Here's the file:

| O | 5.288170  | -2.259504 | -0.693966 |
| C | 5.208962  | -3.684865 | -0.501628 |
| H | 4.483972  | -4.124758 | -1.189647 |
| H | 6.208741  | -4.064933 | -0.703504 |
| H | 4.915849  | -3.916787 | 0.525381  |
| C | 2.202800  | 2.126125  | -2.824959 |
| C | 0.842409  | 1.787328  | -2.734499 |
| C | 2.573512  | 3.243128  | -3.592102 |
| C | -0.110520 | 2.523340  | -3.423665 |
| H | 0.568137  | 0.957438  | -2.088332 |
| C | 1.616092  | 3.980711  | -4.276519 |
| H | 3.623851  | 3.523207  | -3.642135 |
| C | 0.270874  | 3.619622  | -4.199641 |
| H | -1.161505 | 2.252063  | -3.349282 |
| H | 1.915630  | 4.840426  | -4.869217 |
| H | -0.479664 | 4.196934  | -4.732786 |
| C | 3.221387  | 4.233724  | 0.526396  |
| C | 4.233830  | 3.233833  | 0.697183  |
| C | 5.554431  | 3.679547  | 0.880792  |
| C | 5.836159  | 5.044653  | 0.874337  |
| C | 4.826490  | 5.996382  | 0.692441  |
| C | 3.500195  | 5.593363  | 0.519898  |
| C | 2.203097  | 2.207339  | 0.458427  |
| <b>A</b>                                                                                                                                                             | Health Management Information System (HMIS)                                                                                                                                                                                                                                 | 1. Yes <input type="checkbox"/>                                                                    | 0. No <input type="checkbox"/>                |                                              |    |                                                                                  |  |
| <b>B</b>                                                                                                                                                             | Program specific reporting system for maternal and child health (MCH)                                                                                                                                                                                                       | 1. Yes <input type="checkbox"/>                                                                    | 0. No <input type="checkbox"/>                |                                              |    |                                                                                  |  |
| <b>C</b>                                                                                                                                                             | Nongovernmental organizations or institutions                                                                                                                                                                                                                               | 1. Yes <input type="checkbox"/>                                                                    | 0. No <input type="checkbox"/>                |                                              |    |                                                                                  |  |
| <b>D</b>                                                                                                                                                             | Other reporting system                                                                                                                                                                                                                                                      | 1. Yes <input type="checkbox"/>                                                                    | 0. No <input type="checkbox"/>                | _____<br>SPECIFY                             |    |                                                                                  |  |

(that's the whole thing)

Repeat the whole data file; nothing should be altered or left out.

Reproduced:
| O | 5.288170  | -2.259504 | -0.693966 |
| C | 5.208962  | -3.684865 | -0.501628 |
| H | 4.483972  | -4.124758 | -1.189647 |
| H | 6.208741  | -4.064933 | -0.703504 |
| H | 4.915849  | -3.916787 | 0.525381  |
| C | 2.202800  | 2.126125  | -2.824959 |
| C | 0.842409  | 1.787328  | -2.734499 |
| C | 2.573512  | 3.243128  | -3.592102 |
| C | -0.110520 | 2.523340  | -3.423665 |
| H | 0.568137  | 0.957438  | -2.088332 |
| C | 1.616092  | 3.980711  | -4.276519 |
| H | 3.623851  | 3.523207  | -3.642135 |
| C | 0.270874  | 3.619622  | -4.199641 |
| H | -1.161505 | 2.252063  | -3.349282 |
| H | 1.915630  | 4.840426  | -4.869217 |
| H | -0.479664 | 4.196934  | -4.732786 |
| C | 3.221387  | 4.233724  | 0.526396  |
| C | 4.233830  | 3.233833  | 0.697183  |
| C | 5.554431  | 3.679547  | 0.880792  |
| C | 5.836159  | 5.044653  | 0.874337  |
| C | 4.826490  | 5.996382  | 0.692441  |
| C | 3.500195  | 5.593363  | 0.519898  |
| C | 2.203097  | 2.207339  | 0.458427  |
| <b>A</b>                                                                                                                                                             | Health Management Information System (HMIS)                                                                                                                                                                                                                                 | 1. Yes <input type="checkbox"/>                                                                    | 0. No <input type="checkbox"/>                |                                              |    |                                                                                  |  |
| <b>B</b>                                                                                                                                                             | Program specific reporting system for maternal and child health (MCH)                                                                                                                                                                                                       | 1. Yes <input type="checkbox"/>                                                                    | 0. No <input type="checkbox"/>                |                                              |    |                                                                                  |  |
| <b>C</b>                                                                                                                                                             | Nongovernmental organizations or institutions                                                                                                                                                                                                                               | 1. Yes <input type="checkbox"/>                                                                    | 0. No <input type="checkbox"/>                |                                              |    |                                                                                  |  |
| <b>D</b>                                                                                                                                                             | Other reporting system                                                                                                                                                                                                                                                      | 1. Yes <input type="checkbox"/>                                                                    | 0. No <input type="checkbox"/>                | _____<br>SPECIFY                             |    |                                                                                  |  |